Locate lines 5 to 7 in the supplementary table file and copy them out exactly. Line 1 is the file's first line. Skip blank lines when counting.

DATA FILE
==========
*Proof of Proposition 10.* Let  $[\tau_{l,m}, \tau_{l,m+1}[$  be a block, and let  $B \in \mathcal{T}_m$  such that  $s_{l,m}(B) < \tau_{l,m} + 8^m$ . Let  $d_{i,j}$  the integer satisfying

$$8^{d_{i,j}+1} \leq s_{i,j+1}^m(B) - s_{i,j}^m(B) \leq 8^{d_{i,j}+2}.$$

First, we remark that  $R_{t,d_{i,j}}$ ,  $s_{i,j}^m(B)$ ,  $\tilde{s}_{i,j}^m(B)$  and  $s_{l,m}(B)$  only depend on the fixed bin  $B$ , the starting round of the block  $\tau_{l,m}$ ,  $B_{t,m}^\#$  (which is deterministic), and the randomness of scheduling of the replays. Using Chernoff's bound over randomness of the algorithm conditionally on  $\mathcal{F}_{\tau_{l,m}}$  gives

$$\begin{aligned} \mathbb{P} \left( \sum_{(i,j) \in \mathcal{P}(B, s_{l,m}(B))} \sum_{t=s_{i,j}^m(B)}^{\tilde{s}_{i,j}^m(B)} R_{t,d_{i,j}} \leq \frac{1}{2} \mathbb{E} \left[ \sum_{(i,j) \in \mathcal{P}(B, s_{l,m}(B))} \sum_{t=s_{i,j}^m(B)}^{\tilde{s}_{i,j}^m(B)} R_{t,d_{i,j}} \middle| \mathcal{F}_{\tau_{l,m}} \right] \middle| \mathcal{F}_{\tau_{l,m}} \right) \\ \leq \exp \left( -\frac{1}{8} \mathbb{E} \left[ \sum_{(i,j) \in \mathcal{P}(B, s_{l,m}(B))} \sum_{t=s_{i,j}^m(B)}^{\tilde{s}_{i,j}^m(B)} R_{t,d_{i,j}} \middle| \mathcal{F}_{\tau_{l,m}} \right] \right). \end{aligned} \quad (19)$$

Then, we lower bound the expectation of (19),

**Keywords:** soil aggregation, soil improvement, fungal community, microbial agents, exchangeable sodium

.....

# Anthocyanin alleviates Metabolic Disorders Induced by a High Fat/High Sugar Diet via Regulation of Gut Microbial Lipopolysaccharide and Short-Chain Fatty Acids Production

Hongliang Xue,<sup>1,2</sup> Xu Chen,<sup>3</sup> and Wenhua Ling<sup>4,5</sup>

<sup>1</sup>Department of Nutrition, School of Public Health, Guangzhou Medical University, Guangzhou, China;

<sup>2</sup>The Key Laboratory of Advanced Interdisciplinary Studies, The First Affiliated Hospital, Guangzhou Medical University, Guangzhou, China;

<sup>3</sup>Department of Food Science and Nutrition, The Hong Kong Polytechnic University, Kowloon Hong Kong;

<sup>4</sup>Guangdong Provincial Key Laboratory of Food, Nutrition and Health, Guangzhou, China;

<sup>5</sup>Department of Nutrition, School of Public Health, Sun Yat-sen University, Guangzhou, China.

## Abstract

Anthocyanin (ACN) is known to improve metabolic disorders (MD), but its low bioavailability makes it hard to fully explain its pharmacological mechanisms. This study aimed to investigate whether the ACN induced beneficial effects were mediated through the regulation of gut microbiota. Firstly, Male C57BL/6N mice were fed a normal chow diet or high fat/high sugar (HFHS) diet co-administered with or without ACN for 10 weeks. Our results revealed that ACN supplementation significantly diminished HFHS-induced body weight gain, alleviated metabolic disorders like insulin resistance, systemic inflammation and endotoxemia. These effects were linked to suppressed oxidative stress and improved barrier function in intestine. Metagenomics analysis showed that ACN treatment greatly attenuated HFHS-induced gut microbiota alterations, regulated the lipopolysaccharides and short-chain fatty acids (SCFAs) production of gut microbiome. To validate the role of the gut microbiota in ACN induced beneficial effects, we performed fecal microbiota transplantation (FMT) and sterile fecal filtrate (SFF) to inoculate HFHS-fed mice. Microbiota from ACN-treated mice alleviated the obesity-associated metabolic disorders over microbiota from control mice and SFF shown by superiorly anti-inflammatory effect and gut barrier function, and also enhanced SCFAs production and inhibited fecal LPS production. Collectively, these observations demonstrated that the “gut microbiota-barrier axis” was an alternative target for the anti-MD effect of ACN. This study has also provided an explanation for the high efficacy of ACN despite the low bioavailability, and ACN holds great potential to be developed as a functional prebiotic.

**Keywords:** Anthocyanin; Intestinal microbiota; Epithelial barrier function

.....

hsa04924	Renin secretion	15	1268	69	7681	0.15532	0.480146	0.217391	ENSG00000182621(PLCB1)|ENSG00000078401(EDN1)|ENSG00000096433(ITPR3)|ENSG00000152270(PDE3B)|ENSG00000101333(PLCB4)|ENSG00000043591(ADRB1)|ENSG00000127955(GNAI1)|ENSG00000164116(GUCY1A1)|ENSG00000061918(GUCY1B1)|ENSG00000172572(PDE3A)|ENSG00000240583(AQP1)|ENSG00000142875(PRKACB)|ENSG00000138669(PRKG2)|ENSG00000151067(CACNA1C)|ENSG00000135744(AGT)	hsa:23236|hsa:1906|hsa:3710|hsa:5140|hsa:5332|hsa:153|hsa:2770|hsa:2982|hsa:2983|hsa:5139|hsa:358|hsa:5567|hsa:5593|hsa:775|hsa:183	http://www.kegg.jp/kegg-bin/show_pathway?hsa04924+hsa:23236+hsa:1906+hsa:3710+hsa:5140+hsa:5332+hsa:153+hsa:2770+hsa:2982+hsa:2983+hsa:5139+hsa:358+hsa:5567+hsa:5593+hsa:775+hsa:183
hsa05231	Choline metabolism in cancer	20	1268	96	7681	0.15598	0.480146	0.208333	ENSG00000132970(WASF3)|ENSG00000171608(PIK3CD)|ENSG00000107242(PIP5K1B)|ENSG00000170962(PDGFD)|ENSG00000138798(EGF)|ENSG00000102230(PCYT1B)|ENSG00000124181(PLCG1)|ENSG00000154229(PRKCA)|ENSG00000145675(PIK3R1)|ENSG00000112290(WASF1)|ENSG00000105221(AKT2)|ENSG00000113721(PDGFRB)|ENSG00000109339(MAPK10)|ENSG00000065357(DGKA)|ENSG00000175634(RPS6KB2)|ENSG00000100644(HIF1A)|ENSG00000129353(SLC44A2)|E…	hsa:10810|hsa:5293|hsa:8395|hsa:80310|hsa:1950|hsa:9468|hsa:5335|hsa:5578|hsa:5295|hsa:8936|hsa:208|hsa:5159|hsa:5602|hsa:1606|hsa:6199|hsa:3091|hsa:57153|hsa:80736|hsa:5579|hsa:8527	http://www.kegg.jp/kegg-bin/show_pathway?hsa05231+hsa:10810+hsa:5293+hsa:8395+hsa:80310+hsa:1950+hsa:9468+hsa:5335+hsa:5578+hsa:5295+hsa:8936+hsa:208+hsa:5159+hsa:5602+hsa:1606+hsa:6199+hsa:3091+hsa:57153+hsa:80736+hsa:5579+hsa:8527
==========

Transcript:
Then, we lower bound the expectation of (19),

**Keywords:** soil aggregation, soil improvement, fungal community, microbial agents, exchangeable sodium

.....